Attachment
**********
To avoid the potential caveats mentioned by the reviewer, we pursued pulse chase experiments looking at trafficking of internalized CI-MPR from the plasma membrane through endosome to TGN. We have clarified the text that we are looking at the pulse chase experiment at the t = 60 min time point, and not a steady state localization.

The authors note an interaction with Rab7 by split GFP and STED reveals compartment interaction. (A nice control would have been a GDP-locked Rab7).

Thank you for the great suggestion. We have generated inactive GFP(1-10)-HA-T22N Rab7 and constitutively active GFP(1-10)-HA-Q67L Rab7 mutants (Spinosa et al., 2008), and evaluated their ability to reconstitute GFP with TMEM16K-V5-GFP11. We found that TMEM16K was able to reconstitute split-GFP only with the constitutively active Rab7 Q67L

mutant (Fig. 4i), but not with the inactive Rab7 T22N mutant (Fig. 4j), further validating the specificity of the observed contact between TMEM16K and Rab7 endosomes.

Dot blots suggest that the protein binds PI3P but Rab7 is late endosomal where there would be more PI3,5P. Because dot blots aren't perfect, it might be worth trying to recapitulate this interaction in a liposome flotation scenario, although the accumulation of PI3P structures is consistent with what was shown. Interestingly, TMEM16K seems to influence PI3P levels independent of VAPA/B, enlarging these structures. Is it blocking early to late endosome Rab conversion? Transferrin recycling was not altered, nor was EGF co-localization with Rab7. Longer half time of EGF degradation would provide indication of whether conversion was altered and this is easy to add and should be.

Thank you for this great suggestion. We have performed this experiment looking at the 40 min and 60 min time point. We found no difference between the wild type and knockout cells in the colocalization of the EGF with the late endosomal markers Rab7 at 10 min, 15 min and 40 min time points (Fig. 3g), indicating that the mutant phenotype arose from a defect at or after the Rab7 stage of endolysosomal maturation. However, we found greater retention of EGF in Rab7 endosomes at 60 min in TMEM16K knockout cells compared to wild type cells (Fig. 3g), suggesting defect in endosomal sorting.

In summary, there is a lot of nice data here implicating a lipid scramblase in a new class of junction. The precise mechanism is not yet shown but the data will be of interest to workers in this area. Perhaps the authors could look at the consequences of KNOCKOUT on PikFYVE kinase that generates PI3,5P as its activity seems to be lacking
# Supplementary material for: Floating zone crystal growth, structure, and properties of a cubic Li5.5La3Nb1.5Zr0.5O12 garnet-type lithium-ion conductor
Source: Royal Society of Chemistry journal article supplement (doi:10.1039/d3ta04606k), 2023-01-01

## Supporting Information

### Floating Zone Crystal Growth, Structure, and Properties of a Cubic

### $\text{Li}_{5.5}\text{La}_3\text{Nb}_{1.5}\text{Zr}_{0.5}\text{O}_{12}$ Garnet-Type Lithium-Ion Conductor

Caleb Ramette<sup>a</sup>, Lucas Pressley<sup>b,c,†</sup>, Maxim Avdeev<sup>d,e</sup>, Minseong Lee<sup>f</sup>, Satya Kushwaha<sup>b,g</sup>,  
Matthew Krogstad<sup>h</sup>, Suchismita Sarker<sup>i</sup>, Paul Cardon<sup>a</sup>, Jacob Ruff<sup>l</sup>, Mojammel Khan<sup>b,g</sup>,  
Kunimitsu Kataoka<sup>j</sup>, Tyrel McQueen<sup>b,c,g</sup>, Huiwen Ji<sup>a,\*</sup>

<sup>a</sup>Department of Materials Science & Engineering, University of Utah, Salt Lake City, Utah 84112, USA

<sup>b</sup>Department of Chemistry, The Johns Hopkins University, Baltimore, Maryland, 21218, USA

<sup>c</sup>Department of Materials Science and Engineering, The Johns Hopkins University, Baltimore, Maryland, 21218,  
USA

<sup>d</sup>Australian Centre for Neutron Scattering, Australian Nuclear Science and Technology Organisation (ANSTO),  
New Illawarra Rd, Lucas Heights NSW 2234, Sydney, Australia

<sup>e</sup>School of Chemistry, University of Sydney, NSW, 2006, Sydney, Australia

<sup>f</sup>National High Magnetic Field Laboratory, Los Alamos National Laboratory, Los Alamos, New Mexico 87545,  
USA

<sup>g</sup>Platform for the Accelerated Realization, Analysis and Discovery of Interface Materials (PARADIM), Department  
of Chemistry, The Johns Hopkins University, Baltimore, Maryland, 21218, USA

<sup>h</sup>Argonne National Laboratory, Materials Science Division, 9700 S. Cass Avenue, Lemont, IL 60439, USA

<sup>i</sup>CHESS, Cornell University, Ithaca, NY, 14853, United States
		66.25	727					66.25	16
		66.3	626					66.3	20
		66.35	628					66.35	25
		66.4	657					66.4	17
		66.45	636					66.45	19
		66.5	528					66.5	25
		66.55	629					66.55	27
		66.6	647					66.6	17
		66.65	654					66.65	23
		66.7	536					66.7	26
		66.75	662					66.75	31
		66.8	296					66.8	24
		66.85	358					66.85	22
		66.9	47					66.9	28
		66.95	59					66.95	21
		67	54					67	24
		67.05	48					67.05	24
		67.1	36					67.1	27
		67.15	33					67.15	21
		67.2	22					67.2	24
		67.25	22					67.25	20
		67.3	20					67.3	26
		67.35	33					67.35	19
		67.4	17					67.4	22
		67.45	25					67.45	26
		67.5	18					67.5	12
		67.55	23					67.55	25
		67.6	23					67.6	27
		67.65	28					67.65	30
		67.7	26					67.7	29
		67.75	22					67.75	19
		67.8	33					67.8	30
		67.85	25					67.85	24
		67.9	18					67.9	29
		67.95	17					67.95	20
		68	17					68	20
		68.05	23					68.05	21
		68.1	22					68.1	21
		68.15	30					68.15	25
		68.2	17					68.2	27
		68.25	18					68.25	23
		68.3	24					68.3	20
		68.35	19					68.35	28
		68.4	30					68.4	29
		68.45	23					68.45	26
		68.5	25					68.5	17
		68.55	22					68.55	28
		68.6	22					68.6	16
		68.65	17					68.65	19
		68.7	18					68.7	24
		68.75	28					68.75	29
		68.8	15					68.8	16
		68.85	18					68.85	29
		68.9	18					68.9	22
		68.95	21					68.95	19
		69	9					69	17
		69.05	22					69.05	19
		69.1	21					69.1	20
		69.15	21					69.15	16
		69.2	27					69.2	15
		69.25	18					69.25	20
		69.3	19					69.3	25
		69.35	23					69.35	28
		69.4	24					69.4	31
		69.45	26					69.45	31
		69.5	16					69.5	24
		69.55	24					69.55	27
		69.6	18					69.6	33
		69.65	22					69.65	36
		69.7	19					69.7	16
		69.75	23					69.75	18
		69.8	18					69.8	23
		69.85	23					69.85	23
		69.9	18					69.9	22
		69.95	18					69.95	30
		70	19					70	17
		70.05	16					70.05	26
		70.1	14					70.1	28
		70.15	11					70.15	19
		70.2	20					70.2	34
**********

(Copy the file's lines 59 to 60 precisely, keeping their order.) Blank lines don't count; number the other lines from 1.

		67.75	22					67.75	19
		67.8	33					67.8	30